Four infamous Goodyear Eagle racing tires can make you or break you on race day. We may think we know tires, but there is a lot “More-2-It” than we realize. And how many of us have actually tried to change all four of our tires in under 15 seconds with six other friends? Not many I reckon! Let me tell you what I have learned from the Miller Lite racing team about their tires.
First off, one tire costs about $450 and most teams buy between 10-15 sets of tires for each race weekend. That’s a lot of dough! The teams give Goodyear their wheels and Goodyear mounts the racing tire chosen for that particular race for the teams at the track. The Miller Lite tires are always easy to find because they are the only ones with blue wheels. The tires each weigh about 60 pounds when they have the inner safety liner (used at high speed tracks like Daytona) and about 45 pounds without the safety liner (used at road courses and lower speed tracks). Each set of tires has an average life of about 150 miles.
One last thing, these tires are “smooth”, they have no tread on them. When teams use new tires out on the track they are called “stickers” because they still have the sticker on them from Goodyear indicating the batch and once the tires have one “hot lap” on them they are called “scuffs.” Sometimes teams “scuff” tires in practice just in case their car setup works better on older tires.
The Miller Lite Dodge arrives at the track with a set of “Set Up Tires” that are clearly marked on the outside in blue writing. These tires come from the shop and are not counted towards the team’s tire limit for the weekend. They cannot be used outside of the garage area. Each team’s tires are labeled with the team numbers and are bar coded so Goodyear can track them if the teams have any problems with them. Dave “Mule” Nichols is the Miller Lite team’s “tire guy” and he is responsible for getting the tires from Goodyear for practice, qualifying and for the race and making sure they are all at the desired air pressure amounts as decided by the crew chief, Pat Tryson. One of Mule’s main jobs is removing the air from the tires and replacing it with nitrogen. By using nitrogen instead of air, they have more control over how much the pressure will increase when the tires heat up.
Each tire has five to six “wear holes” about the size of the tip of a sharpie marker in a diagonal across the tire. Mule uses a gauge that measures the depth of these holes and notes them before they put them on the Miller Lite Dodge. After the team makes a practice run and Mule again checks the depth of the wear holes to see how the different set ups are wearing the tires. Often when the car comes into the pits, there is a bunch of rubber and debris built up on the tire from the track. You’ll see Mule using a small torch to heat up that rubber and then he scrapes it off to clean off the tire so he can get back to those wear holes. Right after a pit stop, you’ll see Mule radioing the information he learns about the tire wear, tire temperature, and air pressure build-up to Pat Tryson (crew chief) and Brian Wilson, the team engineer who has to make sense of that data.
But I am getting ahead of myself. There is a whole lot of work that goes into the tires on race day before they are used in the race. Usually the pit crew is responsible for getting and preparing the sets of tires to be used during the race. Teams have anywhere between 5 and 10 sets of tires in their pits depending on the type of race. The tires are labeled with chalk “LF, LR, RF, RR” to indicate where on the car they go and numbered to indicate which set they belong to.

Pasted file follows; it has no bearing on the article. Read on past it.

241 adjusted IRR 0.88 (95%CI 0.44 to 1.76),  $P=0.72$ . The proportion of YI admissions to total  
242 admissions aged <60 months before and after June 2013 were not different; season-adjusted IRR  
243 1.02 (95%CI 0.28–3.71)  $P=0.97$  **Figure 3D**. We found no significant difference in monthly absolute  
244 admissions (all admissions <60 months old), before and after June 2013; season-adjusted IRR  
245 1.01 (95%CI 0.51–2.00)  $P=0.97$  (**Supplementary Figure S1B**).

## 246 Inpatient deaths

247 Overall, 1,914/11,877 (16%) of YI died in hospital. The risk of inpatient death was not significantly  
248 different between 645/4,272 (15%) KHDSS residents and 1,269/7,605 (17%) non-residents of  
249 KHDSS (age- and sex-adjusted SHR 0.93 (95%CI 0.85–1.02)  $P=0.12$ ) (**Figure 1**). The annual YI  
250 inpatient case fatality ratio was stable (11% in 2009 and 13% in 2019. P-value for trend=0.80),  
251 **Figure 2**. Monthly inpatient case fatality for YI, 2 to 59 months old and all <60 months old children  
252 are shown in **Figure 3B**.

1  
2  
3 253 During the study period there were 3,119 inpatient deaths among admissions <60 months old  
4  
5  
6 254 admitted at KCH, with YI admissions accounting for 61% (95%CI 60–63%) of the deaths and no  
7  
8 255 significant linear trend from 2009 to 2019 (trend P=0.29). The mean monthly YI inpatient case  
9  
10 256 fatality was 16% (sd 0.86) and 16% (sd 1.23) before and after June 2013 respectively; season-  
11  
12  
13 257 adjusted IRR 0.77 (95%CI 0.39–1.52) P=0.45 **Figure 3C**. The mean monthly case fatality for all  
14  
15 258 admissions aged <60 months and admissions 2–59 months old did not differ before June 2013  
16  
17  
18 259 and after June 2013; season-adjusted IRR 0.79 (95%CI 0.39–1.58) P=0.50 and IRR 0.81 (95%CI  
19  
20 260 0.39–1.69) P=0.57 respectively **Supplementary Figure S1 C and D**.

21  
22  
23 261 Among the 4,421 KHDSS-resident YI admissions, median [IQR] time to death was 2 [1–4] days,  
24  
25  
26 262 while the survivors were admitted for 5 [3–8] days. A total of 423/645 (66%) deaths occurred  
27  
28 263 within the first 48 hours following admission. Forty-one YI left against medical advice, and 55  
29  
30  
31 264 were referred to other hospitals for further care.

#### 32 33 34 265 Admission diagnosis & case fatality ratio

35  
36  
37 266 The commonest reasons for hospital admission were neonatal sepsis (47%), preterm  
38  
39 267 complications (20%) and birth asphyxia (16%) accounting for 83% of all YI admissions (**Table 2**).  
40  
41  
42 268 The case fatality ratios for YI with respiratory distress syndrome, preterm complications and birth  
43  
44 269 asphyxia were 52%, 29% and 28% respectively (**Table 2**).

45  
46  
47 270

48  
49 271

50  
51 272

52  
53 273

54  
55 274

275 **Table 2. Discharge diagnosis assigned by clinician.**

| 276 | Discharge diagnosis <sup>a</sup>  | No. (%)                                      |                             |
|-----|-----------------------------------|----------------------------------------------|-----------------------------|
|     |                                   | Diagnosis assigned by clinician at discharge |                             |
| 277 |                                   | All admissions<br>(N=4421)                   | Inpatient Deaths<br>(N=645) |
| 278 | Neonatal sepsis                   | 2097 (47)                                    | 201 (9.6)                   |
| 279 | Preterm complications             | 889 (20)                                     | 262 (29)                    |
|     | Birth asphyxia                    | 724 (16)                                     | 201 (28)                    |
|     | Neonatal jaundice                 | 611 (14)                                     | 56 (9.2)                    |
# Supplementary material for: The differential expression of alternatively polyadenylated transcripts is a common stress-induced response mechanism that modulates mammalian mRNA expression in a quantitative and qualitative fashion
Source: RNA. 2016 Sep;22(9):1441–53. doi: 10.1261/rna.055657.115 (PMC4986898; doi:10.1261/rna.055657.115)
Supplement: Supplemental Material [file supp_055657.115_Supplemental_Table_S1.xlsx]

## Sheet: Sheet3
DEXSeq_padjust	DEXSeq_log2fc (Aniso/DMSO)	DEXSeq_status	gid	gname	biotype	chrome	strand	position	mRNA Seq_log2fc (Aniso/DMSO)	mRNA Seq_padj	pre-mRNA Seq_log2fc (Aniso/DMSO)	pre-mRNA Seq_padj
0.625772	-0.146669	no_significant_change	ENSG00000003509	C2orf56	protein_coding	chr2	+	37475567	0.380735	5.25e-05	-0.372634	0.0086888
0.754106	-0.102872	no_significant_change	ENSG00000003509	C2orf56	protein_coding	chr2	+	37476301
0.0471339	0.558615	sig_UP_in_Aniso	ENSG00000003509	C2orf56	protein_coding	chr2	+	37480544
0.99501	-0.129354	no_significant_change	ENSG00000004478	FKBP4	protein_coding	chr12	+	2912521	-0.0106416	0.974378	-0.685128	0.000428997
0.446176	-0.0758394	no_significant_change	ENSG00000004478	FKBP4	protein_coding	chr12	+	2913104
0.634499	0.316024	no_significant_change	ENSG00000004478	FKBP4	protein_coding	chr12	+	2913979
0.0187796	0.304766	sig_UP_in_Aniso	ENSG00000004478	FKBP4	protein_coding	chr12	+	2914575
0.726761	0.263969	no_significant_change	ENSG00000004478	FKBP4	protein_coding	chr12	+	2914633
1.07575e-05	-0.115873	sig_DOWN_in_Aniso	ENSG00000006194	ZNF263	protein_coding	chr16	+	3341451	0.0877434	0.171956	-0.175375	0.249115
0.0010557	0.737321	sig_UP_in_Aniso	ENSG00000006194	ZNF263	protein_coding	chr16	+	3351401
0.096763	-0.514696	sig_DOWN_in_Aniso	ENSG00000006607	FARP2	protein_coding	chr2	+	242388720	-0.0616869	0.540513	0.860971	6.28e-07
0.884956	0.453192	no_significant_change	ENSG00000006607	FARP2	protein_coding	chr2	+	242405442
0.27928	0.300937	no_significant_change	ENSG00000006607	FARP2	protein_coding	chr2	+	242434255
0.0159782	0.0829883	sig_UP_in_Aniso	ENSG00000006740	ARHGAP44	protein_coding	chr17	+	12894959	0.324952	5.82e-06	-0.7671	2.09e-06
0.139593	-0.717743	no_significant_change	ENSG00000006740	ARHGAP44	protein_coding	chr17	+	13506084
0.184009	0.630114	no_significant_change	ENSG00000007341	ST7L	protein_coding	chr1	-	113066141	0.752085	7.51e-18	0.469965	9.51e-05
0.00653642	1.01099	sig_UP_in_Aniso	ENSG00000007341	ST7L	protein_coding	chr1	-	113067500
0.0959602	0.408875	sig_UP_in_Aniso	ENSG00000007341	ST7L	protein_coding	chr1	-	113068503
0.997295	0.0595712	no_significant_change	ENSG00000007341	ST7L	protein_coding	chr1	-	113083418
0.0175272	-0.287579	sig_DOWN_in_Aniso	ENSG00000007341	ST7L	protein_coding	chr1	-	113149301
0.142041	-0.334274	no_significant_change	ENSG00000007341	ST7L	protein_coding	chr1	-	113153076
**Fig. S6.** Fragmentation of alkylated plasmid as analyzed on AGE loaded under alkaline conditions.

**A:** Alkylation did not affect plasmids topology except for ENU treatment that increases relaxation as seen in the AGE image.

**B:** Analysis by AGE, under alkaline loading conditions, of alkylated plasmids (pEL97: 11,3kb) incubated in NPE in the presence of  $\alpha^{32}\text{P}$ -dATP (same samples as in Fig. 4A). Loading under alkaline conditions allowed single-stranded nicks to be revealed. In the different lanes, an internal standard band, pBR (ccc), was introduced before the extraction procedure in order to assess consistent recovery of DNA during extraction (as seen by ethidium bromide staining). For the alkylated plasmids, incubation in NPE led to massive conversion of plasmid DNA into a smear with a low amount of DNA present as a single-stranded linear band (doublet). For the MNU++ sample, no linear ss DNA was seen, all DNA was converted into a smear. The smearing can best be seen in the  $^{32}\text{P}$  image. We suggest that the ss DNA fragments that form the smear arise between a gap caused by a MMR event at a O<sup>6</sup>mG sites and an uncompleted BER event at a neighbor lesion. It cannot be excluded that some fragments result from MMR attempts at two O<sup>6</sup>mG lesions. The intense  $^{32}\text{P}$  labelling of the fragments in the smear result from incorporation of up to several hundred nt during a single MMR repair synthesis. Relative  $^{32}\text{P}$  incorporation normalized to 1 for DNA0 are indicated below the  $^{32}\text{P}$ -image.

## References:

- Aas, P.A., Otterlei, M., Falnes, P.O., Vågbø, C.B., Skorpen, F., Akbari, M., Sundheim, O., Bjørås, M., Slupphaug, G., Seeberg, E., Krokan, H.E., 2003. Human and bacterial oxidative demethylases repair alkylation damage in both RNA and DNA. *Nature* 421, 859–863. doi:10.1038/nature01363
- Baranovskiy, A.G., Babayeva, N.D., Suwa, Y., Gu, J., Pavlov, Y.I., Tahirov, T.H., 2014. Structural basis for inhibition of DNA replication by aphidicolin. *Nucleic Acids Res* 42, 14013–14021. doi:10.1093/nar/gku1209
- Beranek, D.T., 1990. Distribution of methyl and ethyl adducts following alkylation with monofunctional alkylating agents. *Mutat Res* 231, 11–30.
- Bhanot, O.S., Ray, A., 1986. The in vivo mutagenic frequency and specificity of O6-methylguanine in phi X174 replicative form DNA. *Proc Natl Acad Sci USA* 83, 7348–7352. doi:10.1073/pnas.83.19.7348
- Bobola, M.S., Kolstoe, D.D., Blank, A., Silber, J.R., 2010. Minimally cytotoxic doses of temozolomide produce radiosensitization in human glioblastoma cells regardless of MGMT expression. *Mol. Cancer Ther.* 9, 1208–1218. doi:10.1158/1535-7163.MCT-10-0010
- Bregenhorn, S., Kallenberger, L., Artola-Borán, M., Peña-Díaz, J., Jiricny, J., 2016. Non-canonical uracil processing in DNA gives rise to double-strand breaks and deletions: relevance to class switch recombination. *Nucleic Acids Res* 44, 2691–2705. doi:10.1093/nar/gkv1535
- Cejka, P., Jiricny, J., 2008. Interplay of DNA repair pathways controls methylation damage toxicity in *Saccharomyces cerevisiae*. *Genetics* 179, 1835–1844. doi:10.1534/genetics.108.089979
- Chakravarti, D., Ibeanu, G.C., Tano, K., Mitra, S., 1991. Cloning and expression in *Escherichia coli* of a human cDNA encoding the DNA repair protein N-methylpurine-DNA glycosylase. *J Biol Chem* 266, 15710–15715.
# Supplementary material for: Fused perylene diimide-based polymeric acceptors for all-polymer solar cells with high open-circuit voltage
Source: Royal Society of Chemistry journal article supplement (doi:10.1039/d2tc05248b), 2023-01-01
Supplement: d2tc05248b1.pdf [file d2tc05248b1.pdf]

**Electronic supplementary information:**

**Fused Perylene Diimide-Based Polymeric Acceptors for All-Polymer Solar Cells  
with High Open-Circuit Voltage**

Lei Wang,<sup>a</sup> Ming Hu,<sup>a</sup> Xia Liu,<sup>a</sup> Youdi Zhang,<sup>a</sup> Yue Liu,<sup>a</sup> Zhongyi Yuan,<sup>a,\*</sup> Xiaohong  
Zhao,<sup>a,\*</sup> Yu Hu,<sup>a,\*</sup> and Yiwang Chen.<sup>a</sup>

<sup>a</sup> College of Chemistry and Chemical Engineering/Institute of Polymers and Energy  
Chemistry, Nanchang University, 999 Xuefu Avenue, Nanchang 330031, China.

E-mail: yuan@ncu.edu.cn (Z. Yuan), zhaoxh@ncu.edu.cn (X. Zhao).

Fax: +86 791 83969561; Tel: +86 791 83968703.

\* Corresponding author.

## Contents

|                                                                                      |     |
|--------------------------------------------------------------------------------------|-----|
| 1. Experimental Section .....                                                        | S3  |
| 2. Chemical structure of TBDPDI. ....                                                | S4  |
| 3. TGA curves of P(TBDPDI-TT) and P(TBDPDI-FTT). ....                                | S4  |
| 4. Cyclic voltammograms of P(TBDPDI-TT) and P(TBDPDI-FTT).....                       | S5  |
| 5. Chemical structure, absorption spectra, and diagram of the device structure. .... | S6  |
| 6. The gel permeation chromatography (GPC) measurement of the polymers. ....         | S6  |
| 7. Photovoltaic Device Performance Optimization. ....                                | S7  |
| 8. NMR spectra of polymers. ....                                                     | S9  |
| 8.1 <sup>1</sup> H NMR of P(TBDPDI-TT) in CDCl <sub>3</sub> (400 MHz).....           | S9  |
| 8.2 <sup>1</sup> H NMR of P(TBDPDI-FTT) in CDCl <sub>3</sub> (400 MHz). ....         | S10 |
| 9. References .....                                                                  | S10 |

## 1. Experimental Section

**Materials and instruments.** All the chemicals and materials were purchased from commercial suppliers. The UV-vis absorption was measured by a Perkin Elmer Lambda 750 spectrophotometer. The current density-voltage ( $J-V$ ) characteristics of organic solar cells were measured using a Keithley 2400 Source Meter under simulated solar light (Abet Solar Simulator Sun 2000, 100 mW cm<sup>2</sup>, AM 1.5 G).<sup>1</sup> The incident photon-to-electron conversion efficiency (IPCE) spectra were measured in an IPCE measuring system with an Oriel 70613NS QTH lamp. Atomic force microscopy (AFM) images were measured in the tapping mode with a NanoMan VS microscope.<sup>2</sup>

The pit crew then uses a strip of hot pink tape to indicate the left side tires and a strip of bright blue tape to indicate right side tires. They place this tape in the same place on each tire because it also indicates where the tire carriers should hold the tires as they carry them during the pit stops. This ensures they get the tire consistently and easily lined up with the studs for quick stops.
Each rim has to be “cleaned” and the team uses three different types of steel brushes on each tire to clean the holes for the studs and the center hole that slides over the wheel cap. After the grime and paint is removed by the brushes, the wheels are ready for the lugs. About four hours before the start of the race, the pit crew starts gluing on the bright yellow lug nuts onto the wheels with a weather stripping adhesive. Finally, they use a heavy, flat piece of metal that presses the lugs into the adhesive and makes for a good seal.
When the Miller Lite Dodge rolls out onto pit road on race day, the pit crew also lubes the studs on the car so the tires slide on and off easier. The studs are long and have no threads for the first three-quarters of an inch so the lug nuts glued to the rim don’t get cross-threaded when the tire changers are putting the tires on the car. When the wheel is placed on the car during the pit stop, the air gun torque breaks the adhesive and the lug nut is tightened normally. Sometimes the adhesive is too gooey and sometimes to brittle and it will interfere with the “feel” and rhythm of the tire changers. There is always a danger that the lug nuts might fall off while changing the tire, so the over-the-wall guys wear special gloves that have a couple lug nuts attached to them on top by their wrists so they can grab them quickly if needed.
Tired of reading about tires yet? Feel like your ready to be a Tire Specialist? Told ya there was “More-2-It”!